Standing in the foyer of Kunsthaus Hamburg, one could be forgiven for thinking that one had wandered into a garden centre rather than an art space. An empty greenhouse (Flora Klein’s Gewächshaus, 2016) stands to the left of the Kunsthaus’s cashier, and the sound of splashing water spills out from the main hall. Once inside, the source of the sound is revealed as three fountains sitting in a shallow, rectangular pool of water lined with black plastic. The piece, Fontänen (2016) by Johannes Willi, is made through the horizontal layering of ‘pool noodles’ topped with a circular copper plate, out of which the water spurts. These brightly coloured swimming aids immediately bring to mind the very young or – for anyone who has ever witnessed a water aerobics class – the very old. Each stick of bamboo protruding from the fountain also holds a crudely formed clay hand with a cigarette wedged awkwardly between its fingers.
The associations of relaxation and recreation brought up by these works are a fitting introduction to an exhibition which aims to be – as outlined in the first sentence of the press release – ‘an exercise in taking space and constructing a situation’ without feeling like ‘you are in an exhibition’. This is not the only proposition outlined in the exhibition material. The curator, Chus Martinez, has deliberately avoided an umbrella theme for the show and puts forward more abstract links between the four Swiss artists, stating the importance of artworks that ‘merge’, ‘blend’ and ‘enter one another’. This is easiest to see in in the case of Fontänen, which not only has a large physical presence but a sonic dimension too. But try as I might I couldn’t see how the geometric wall-based sculptures of Emil Michael Klein (Untitled, 2008 and 2016), positioned on walls to either side of the fountains, signify an ‘abandonment of form’ – rather, they seem remarkably self-referential and self-contained.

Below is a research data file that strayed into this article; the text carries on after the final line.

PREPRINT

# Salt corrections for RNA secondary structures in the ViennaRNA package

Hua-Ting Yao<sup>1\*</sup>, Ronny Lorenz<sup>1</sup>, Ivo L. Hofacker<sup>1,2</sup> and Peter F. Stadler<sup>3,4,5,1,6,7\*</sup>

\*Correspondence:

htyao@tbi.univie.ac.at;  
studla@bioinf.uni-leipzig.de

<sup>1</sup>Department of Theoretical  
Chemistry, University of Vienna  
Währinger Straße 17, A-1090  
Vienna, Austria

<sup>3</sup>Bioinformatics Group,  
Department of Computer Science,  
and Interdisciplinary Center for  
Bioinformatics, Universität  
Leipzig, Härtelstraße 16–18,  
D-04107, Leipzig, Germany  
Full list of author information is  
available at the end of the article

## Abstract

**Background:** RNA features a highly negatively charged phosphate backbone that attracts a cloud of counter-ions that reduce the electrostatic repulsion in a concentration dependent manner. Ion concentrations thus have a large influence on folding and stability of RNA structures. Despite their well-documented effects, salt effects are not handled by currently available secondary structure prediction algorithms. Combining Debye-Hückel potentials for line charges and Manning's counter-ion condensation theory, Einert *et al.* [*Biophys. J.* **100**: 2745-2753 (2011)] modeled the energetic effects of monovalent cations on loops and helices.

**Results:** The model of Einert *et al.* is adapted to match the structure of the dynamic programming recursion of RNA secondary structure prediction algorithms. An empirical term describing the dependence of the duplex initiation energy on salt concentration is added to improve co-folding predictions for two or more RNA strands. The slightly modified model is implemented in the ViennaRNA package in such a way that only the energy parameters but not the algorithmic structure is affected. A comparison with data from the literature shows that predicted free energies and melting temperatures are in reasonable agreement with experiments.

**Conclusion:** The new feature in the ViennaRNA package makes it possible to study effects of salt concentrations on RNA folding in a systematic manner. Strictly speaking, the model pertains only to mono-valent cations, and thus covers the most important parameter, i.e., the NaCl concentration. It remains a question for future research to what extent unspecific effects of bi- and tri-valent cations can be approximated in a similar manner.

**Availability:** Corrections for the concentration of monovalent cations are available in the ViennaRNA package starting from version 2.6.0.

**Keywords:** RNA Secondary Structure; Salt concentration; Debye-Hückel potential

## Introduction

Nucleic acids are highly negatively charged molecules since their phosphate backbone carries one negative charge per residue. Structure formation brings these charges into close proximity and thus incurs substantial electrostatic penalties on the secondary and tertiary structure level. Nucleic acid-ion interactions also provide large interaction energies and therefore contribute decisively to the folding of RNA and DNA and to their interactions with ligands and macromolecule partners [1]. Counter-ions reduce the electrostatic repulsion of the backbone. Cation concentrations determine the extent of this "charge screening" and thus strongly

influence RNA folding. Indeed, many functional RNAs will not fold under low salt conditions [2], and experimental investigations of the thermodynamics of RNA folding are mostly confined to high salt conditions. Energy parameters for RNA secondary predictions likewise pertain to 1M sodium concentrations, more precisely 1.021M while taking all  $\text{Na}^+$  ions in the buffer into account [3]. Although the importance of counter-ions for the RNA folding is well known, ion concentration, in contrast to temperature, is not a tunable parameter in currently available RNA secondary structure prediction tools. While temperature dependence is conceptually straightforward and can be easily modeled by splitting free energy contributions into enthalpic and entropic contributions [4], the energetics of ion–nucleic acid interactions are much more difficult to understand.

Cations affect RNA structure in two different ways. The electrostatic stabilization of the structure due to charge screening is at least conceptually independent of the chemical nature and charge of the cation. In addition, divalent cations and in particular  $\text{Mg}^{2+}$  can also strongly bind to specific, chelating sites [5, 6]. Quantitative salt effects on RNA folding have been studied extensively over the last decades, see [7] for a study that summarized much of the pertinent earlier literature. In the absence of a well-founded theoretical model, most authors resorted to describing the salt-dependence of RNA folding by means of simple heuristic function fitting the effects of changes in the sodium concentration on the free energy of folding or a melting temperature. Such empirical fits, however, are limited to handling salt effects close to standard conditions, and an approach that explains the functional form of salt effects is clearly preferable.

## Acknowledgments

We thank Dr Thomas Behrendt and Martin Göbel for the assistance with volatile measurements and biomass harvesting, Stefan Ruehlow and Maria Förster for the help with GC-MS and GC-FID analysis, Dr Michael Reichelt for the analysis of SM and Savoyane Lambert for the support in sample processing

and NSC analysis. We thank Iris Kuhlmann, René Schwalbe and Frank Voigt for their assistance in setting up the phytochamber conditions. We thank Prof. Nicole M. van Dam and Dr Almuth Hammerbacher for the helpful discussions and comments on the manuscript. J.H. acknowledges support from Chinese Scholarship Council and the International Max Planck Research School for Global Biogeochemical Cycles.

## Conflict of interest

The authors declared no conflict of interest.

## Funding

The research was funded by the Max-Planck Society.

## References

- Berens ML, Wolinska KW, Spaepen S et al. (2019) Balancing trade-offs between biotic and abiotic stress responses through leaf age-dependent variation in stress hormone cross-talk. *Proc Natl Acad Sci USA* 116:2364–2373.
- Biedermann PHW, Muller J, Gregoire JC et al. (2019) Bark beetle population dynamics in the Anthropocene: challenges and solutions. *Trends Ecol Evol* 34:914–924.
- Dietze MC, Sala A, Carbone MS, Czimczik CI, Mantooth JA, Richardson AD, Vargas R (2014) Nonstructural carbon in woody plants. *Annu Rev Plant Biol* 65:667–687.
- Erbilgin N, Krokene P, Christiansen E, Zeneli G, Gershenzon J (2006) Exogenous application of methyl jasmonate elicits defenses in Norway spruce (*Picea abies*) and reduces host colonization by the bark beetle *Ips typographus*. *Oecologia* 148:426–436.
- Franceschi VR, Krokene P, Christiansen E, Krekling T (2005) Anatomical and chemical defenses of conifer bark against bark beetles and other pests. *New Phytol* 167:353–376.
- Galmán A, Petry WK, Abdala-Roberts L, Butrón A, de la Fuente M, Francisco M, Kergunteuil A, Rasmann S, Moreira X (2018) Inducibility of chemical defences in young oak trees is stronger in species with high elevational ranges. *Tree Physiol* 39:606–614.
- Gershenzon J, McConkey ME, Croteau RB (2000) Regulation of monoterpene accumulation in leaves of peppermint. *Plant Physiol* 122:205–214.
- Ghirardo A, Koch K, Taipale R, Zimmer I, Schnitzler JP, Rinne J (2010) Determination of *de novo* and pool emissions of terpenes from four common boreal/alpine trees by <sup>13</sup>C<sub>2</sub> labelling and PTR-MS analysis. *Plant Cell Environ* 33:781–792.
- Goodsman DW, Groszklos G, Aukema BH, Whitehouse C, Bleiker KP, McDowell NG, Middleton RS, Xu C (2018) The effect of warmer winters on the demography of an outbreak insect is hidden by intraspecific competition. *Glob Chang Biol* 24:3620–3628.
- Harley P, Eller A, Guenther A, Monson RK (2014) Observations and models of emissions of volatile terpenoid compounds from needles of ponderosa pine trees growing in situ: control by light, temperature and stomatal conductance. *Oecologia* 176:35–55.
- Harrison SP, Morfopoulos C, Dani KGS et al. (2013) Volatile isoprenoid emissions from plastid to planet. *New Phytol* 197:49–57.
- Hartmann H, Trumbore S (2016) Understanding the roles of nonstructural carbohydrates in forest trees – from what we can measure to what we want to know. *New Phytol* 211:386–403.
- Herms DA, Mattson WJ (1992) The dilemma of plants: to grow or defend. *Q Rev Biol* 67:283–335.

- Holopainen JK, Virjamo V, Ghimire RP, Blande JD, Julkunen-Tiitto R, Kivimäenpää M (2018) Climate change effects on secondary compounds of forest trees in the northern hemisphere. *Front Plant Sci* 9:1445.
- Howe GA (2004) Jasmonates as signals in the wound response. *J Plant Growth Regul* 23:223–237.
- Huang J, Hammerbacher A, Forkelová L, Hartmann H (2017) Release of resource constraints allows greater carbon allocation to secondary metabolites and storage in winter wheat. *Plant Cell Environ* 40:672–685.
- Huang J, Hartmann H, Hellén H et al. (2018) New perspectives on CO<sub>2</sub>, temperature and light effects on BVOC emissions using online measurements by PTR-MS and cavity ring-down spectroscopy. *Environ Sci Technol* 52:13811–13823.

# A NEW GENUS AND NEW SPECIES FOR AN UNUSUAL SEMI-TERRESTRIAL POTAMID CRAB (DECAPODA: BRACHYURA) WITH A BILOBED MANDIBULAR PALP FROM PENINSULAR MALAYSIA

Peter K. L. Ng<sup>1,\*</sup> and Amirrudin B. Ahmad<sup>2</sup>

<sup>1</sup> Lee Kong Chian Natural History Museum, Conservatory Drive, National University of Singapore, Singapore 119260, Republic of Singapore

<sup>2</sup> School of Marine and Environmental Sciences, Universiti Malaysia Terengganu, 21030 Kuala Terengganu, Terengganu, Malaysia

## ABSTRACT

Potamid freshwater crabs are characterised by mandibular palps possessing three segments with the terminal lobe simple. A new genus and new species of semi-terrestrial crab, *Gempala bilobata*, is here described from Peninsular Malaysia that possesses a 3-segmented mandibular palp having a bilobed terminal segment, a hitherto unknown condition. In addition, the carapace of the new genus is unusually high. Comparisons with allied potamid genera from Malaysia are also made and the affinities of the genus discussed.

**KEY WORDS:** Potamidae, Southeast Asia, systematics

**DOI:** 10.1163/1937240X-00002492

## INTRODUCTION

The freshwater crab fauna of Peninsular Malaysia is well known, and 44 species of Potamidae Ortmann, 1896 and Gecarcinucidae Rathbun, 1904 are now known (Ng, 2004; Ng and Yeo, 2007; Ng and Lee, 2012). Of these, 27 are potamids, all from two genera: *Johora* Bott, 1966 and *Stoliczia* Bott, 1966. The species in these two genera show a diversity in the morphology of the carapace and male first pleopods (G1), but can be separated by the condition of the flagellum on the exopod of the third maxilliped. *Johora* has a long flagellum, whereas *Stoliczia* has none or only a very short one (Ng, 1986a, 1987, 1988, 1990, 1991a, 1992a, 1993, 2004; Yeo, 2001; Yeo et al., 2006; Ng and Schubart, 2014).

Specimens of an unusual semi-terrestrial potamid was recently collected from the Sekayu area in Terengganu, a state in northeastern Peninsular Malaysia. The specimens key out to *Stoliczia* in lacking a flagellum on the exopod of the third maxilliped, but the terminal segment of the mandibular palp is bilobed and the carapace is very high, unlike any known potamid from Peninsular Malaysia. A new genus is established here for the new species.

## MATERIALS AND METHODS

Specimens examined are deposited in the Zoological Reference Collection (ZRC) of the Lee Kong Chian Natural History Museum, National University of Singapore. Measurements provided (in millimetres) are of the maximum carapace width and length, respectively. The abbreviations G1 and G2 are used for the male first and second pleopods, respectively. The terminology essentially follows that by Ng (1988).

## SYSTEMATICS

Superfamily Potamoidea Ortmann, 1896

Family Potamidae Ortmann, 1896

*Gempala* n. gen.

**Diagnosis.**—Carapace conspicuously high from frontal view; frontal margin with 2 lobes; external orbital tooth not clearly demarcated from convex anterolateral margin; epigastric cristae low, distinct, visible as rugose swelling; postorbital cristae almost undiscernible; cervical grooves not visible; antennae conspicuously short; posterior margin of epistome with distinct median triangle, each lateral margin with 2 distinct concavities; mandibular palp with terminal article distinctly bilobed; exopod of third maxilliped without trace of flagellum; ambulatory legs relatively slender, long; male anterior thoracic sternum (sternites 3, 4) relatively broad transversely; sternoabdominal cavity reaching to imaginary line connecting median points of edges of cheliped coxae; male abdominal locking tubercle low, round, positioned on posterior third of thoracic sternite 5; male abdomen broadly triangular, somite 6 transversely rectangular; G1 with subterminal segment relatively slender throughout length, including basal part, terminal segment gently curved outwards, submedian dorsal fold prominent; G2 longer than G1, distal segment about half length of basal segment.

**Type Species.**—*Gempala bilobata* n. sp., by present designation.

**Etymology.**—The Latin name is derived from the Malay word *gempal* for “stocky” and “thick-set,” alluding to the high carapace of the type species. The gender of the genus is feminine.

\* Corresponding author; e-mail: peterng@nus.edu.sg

For Martinez ‘unforming’ has a social purpose too. In a familiar ‘our children are the future’ argument, she (polemically) encourages a move away from seeing the middle class exclusively as the universal, intended receiver of art; in lieu of this, Martinez encourages the development of structures – such as labs and campuses – whereby artists and ‘cultural agents’ can work together with no linear ‘consensus between an activity and its reception’. One might see this in Tiphanie Mall’s silent HD-video Untitled (2014): a group of teenage school girls practicing a dance routine in a extra-curricular workshop co-organized by Mall herself and recorded in hypnotic slow motion. Their facial expressions flit between concentration and enjoyment, in stark contrast to her second piece (also Untitled, 2014), whose protagonists remain unsmiling throughout the nine-minute film. Shot in and outside generic malls with the same dispassionate gaze, the men and women filmed wear the uniform of the over-fifties: sensible leather shoes, slacks and quilted raincoats. Both silent films are strangely mesmerizing, particularly with the relaxing sound of splashing water in the background, and seen together it is impossible not to unfavourably compare the happy, able-bodied teenagers with the shuffling OAPs.
On the other side of the wall Mall showed a number of small screens, each with more than seven hours of footage of strawberry plants. As well as mirroring the ‘growing’ metaphor introduced by Gewächshaus (the German word for greenhouse, which literally means ‘house for growth’), the series also makes the largely abstract paintings of Klein positioned near them appear more like foliage and branches. Many of the works in the exhibition work together in this way, which Martinez describes as mixtio (Latin for ‘to mix’) – but it is also just the mark of a well-curated group show.
Many large questions are asked in ‘Undisturbed Solitude’, and while many remain partially answered, the exhibition’s emphasis on the mixing of forms is successful in offering a cohesive combination of works, while avoiding a single conceptual bracketing. But ultimately, despite high intentions, the exhibition can’t avoid also being a presentation of four artists who are ‘young’ and ‘Swiss’ – if in a space that is a pleasure to spend time in, like a visit to the park or an afternoon spent in your local garden centre.